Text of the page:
The decision of the CJEU in King v Sash Windows C-214/16 CJEU has been widely reported and discussed.
Mr King had worked for a considerable period of time- years, rather than months – without taking holiday. He had worked for a 13-year period but had been afforded the facility for exercise of the right to paid annual leave only in a minimal sense. He had thought that he was self-employed. He had been paid by way of commission. The contract was silent on the issue of leave. It was described as a “self-employed commission only contract”. He did not try to invoke the right to paid annual leave until the employment relationship was terminated.
The Court of Appeal made a reference to the CJEU as to the circumstances in which untaken paid leave can be carried over. The Court wondered whether the worker needed actually to try to take the leave before the issue of payment arose. The Court of Appeal had doubts, in any event, as to whether paid leave could be carried over indefinitely.
The Advocate General pointed out that the problem was of “acute social importance, given the increasing number of people across the European Union who work on flexible, casual, and intermittent bases”. That is doubtless correct, given the ever-expanding gig economy.
The relevant Directive (Directive 2003/88) requires member states to ensure that workers are entitled to paid annual leave of at least four weeks, which may not be replaced by an allowance in lieu except where the employment relationship is terminated.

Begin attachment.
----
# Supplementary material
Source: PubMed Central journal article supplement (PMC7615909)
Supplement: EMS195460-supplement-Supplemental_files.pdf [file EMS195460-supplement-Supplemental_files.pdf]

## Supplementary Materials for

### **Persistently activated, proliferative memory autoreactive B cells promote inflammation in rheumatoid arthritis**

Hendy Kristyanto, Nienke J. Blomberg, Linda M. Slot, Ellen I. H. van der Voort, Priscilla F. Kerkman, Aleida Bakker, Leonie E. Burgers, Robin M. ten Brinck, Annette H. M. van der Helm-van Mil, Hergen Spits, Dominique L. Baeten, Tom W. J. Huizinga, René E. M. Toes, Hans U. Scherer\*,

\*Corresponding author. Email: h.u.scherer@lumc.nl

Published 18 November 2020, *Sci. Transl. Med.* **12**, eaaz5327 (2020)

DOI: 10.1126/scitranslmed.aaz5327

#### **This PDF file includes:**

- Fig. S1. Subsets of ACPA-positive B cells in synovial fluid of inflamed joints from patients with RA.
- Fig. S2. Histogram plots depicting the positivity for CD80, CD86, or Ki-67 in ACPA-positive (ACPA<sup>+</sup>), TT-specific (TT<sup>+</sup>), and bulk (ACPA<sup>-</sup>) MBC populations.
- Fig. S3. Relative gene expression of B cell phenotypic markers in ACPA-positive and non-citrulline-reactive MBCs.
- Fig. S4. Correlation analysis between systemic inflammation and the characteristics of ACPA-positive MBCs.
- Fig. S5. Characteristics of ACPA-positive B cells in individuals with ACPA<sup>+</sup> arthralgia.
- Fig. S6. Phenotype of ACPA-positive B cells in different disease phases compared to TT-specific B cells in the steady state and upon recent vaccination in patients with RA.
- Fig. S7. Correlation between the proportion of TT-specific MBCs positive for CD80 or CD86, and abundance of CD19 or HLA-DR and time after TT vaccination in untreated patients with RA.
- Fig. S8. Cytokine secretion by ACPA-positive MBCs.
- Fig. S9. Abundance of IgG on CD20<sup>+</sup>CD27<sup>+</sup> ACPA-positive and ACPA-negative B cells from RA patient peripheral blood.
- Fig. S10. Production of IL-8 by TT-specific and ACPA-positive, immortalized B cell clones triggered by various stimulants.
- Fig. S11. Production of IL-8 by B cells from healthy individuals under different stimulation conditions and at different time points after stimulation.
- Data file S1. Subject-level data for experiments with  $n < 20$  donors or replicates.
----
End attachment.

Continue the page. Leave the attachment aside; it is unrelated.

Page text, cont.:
The Judgment itself (available here) is interesting reading, and relatively short, although not exactly light reading.
The key points are that:
- In the case of a dispute between a worker and his employer as to whether the worker is entitled to paid annual leave in accordance with Article 7 of Directive 2003/88, European law precludes the worker having to take his leave first before establishing whether he has the right to be paid (paragraph 47)
- The Court of Appeal had asked (in short) whether Article 7 of Directive 2003/88 precludes national provisions or practices which prevent a worker from carrying over and/or accumulating paid annual leave rights in circumstances where the worker did not take the leave because the employer refused to pay (paragraph 48)
- European law does not permit Member States to exclude the right to paid annual leave or to provide for the right to paid annual leave of a worker, who was prevented from exercising that right, to be lost at the end of a period fixed by national law (paragraph 51)
- A worker who was unable to take his leave due to sickness would be able to accumulate leave (paragraph 63, and from already-familiar European case law)
- By the same token, Article 7 had to be interpreted as precluding national provisions which prevent a worker from carrying over and/or accumulating until termination of employment paid annual leave rights which had not been exercised in respect of several consecutive reference periods because the employer refused to remunerate that leave.
Advocate-General Tanchev’s written opinion is here and is also worth a browse.
The real sea-change which this decision is likely to herald is that holiday pay claims can now stretch back, in principle, until 1996, when the original Working Time Regulations came into force. That is directly contrary to the current principle established in Bear Scotland Ltd v Fulton  I.C.R. 221, that (put simply) a three-month gap in a series of deductions breaks the series, so as to prevent a claimant from pursuing historic deductions which precede the gap. And the decision will obviate the two-year backstop implemented by the Deduction from Wages (Limitation) Regulations 2014.
The decision therefore has a very significant knock-on consequence, which is that holiday pay claims have increased dramatically in potential value. And that, in turn, increases the value of arguments about worker status.